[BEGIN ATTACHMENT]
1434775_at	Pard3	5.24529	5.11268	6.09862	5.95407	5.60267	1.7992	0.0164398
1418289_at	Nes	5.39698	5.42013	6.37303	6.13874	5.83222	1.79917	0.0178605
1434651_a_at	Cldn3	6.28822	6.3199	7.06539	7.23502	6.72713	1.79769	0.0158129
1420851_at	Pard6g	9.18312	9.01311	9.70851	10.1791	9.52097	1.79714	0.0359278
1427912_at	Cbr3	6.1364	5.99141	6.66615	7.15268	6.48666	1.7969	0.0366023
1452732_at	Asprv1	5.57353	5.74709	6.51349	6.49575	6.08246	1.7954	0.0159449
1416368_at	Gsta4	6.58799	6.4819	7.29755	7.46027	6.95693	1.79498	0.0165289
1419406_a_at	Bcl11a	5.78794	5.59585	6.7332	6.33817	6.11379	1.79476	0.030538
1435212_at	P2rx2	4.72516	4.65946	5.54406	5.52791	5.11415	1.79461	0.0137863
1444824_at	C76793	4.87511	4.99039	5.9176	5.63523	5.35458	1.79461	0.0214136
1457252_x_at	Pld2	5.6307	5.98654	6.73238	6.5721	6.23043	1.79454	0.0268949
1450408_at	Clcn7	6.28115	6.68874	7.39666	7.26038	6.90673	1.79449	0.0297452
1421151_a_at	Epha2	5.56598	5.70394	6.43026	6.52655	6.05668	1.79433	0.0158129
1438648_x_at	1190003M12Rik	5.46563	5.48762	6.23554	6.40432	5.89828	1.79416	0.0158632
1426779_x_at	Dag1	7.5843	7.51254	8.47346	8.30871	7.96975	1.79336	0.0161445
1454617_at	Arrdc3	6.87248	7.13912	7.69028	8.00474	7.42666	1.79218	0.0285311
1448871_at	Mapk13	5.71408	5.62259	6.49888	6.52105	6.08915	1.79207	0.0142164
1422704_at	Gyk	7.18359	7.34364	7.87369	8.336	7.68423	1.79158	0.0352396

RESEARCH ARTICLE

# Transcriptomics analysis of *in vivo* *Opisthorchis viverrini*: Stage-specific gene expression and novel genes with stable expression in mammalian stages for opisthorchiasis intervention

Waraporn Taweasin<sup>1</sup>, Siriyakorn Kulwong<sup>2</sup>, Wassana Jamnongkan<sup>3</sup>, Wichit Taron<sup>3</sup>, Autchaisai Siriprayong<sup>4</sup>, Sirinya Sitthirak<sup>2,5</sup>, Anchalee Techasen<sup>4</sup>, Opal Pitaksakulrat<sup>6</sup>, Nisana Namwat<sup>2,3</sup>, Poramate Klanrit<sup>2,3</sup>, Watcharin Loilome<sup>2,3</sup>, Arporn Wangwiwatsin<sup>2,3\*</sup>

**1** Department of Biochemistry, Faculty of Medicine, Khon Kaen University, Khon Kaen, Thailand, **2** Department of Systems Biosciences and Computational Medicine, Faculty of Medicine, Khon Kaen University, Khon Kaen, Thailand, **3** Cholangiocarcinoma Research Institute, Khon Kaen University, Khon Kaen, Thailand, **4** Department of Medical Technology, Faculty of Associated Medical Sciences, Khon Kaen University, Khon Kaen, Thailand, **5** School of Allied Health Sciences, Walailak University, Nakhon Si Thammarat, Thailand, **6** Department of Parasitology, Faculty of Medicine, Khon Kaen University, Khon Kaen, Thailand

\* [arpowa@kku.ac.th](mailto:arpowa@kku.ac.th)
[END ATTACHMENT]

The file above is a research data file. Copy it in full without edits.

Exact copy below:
1434775_at	Pard3	5.24529	5.11268	6.09862	5.95407	5.60267	1.7992	0.0164398
1418289_at	Nes	5.39698	5.42013	6.37303	6.13874	5.83222	1.79917	0.0178605
1434651_a_at	Cldn3	6.28822	6.3199	7.06539	7.23502	6.72713	1.79769	0.0158129
1420851_at	Pard6g	9.18312	9.01311	9.70851	10.1791	9.52097	1.79714	0.0359278
1427912_at	Cbr3	6.1364	5.99141	6.66615	7.15268	6.48666	1.7969	0.0366023
1452732_at	Asprv1	5.57353	5.74709	6.51349	6.49575	6.08246	1.7954	0.0159449
1416368_at	Gsta4	6.58799	6.4819	7.29755	7.46027	6.95693	1.79498	0.0165289
1419406_a_at	Bcl11a	5.78794	5.59585	6.7332	6.33817	6.11379	1.79476	0.030538
1435212_at	P2rx2	4.72516	4.65946	5.54406	5.52791	5.11415	1.79461	0.0137863
1444824_at	C76793	4.87511	4.99039	5.9176	5.63523	5.35458	1.79461	0.0214136
1457252_x_at	Pld2	5.6307	5.98654	6.73238	6.5721	6.23043	1.79454	0.0268949
1450408_at	Clcn7	6.28115	6.68874	7.39666	7.26038	6.90673	1.79449	0.0297452
1421151_a_at	Epha2	5.56598	5.70394	6.43026	6.52655	6.05668	1.79433	0.0158129
1438648_x_at	1190003M12Rik	5.46563	5.48762	6.23554	6.40432	5.89828	1.79416	0.0158632
1426779_x_at	Dag1	7.5843	7.51254	8.47346	8.30871	7.96975	1.79336	0.0161445
1454617_at	Arrdc3	6.87248	7.13912	7.69028	8.00474	7.42666	1.79218	0.0285311
1448871_at	Mapk13	5.71408	5.62259	6.49888	6.52105	6.08915	1.79207	0.0142164
1422704_at	Gyk	7.18359	7.34364	7.87369	8.336	7.68423	1.79158	0.0352396

RESEARCH ARTICLE

# Transcriptomics analysis of *in vivo* *Opisthorchis viverrini*: Stage-specific gene expression and novel genes with stable expression in mammalian stages for opisthorchiasis intervention

Waraporn Taweasin<sup>1</sup>, Siriyakorn Kulwong<sup>2</sup>, Wassana Jamnongkan<sup>3</sup>, Wichit Taron<sup>3</sup>, Autchaisai Siriprayong<sup>4</sup>, Sirinya Sitthirak<sup>2,5</sup>, Anchalee Techasen<sup>4</sup>, Opal Pitaksakulrat<sup>6</sup>, Nisana Namwat<sup>2,3</sup>, Poramate Klanrit<sup>2,3</sup>, Watcharin Loilome<sup>2,3</sup>, Arporn Wangwiwatsin<sup>2,3\*</sup>

**1** Department of Biochemistry, Faculty of Medicine, Khon Kaen University, Khon Kaen, Thailand, **2** Department of Systems Biosciences and Computational Medicine, Faculty of Medicine, Khon Kaen University, Khon Kaen, Thailand, **3** Cholangiocarcinoma Research Institute, Khon Kaen University, Khon Kaen, Thailand, **4** Department of Medical Technology, Faculty of Associated Medical Sciences, Khon Kaen University, Khon Kaen, Thailand, **5** School of Allied Health Sciences, Walailak University, Nakhon Si Thammarat, Thailand, **6** Department of Parasitology, Faculty of Medicine, Khon Kaen University, Khon Kaen, Thailand

\* [arpowa@kku.ac.th](mailto:arpowa@kku.ac.th)